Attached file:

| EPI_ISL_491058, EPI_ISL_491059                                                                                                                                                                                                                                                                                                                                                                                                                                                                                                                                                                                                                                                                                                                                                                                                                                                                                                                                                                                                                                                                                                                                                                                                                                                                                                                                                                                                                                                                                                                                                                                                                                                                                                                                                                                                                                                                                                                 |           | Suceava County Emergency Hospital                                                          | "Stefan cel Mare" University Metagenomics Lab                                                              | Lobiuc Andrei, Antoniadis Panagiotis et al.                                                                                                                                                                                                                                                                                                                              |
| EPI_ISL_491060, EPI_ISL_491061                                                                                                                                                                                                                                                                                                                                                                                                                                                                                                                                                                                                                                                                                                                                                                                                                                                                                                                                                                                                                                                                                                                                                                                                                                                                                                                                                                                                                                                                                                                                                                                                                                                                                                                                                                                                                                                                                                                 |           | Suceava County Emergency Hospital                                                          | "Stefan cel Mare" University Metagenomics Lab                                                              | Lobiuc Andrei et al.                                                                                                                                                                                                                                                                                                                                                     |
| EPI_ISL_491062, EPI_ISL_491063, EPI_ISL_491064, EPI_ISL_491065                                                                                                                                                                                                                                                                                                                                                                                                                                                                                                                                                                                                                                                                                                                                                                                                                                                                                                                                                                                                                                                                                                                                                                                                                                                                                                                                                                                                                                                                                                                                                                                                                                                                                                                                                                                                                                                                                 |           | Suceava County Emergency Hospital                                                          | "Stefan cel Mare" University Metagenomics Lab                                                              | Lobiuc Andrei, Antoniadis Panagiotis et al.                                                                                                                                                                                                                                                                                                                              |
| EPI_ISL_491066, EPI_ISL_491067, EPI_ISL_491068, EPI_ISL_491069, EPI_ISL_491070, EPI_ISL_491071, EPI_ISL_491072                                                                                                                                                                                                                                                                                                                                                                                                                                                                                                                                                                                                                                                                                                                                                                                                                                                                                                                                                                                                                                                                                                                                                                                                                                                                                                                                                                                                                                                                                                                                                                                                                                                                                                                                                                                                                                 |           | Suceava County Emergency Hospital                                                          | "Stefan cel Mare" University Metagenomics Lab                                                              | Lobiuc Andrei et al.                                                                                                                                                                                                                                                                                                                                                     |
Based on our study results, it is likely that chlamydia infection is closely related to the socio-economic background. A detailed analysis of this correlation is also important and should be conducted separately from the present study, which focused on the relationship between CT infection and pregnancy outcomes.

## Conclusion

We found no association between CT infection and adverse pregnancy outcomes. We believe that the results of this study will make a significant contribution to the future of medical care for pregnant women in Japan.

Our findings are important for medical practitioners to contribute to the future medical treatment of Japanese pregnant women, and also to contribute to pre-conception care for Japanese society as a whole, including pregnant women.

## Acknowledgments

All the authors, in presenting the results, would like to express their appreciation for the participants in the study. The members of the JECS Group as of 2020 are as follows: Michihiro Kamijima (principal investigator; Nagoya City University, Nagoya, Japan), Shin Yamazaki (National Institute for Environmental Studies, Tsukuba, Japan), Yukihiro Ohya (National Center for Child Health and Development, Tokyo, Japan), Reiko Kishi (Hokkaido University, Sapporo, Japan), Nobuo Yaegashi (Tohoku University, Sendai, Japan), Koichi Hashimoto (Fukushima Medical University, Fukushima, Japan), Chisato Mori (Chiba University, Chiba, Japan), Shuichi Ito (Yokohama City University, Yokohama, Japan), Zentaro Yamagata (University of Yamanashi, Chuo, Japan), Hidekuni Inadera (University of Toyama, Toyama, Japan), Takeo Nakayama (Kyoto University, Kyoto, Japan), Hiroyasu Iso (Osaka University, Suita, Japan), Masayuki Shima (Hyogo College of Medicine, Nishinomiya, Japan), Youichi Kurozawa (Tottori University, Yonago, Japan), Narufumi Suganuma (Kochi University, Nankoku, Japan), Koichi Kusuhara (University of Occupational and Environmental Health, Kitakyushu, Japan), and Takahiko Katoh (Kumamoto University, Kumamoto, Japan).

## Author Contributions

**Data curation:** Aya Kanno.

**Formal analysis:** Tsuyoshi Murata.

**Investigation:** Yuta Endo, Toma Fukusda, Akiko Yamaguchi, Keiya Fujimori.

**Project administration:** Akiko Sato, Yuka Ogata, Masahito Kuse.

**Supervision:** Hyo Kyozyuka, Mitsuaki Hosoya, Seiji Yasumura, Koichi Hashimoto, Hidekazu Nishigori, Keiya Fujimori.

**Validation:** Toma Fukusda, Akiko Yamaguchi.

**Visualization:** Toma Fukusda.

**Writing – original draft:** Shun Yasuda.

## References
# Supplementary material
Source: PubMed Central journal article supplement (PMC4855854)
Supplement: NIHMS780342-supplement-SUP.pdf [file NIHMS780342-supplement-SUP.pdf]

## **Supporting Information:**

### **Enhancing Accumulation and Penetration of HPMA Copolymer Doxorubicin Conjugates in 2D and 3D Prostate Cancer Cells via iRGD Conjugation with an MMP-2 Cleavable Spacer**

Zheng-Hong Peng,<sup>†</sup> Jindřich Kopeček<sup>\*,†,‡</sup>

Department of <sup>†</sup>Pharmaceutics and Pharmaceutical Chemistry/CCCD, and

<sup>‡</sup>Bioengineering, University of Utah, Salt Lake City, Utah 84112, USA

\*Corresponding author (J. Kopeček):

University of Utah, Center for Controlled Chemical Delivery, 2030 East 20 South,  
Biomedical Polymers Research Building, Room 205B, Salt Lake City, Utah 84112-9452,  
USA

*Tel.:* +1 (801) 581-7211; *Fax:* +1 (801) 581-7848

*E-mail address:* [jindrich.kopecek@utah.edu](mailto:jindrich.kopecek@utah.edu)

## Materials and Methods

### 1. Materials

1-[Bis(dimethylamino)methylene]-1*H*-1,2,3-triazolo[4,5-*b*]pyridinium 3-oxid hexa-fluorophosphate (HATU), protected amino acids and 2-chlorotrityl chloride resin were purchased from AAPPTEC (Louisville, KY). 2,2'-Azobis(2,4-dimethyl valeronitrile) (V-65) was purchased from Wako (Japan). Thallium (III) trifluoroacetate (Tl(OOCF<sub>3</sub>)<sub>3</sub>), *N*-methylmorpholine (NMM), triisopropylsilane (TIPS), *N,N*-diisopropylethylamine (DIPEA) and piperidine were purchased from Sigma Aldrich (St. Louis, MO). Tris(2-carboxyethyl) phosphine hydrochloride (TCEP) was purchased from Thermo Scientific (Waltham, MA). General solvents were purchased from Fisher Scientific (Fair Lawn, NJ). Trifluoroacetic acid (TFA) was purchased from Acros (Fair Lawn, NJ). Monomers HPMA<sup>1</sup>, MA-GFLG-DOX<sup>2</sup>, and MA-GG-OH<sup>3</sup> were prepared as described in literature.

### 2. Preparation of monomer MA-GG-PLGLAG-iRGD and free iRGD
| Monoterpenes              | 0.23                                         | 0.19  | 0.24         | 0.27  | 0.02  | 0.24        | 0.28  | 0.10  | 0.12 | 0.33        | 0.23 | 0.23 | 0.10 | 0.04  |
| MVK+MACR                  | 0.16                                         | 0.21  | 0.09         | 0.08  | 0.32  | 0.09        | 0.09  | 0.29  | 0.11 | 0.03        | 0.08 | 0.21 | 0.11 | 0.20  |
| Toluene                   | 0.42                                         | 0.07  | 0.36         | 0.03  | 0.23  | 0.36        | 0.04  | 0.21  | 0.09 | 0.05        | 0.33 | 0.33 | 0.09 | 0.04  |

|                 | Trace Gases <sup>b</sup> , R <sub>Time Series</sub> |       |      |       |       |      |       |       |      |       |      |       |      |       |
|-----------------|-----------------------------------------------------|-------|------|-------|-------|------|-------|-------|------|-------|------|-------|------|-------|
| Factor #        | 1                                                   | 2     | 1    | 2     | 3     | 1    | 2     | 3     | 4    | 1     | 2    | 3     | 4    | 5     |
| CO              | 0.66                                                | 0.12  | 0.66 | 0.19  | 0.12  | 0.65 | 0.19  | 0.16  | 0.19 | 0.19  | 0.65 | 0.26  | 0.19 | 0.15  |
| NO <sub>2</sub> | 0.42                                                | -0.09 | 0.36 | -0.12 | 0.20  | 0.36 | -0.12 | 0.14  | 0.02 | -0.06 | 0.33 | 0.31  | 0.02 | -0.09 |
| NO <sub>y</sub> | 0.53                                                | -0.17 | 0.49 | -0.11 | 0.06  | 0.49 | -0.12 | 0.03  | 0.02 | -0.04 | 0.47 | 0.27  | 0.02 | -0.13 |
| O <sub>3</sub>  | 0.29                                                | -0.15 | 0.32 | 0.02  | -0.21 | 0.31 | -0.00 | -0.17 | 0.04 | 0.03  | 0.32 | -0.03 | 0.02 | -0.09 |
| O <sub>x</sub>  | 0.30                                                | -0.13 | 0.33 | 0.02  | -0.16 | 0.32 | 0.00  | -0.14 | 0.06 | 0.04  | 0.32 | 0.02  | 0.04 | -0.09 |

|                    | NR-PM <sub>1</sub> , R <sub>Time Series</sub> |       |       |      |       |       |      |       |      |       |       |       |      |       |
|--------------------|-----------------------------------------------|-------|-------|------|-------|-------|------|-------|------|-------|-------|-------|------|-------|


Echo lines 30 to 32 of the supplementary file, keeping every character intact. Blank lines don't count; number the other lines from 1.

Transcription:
University of Utah, Center for Controlled Chemical Delivery, 2030 East 20 South,  
Biomedical Polymers Research Building, Room 205B, Salt Lake City, Utah 84112-9452,  
USA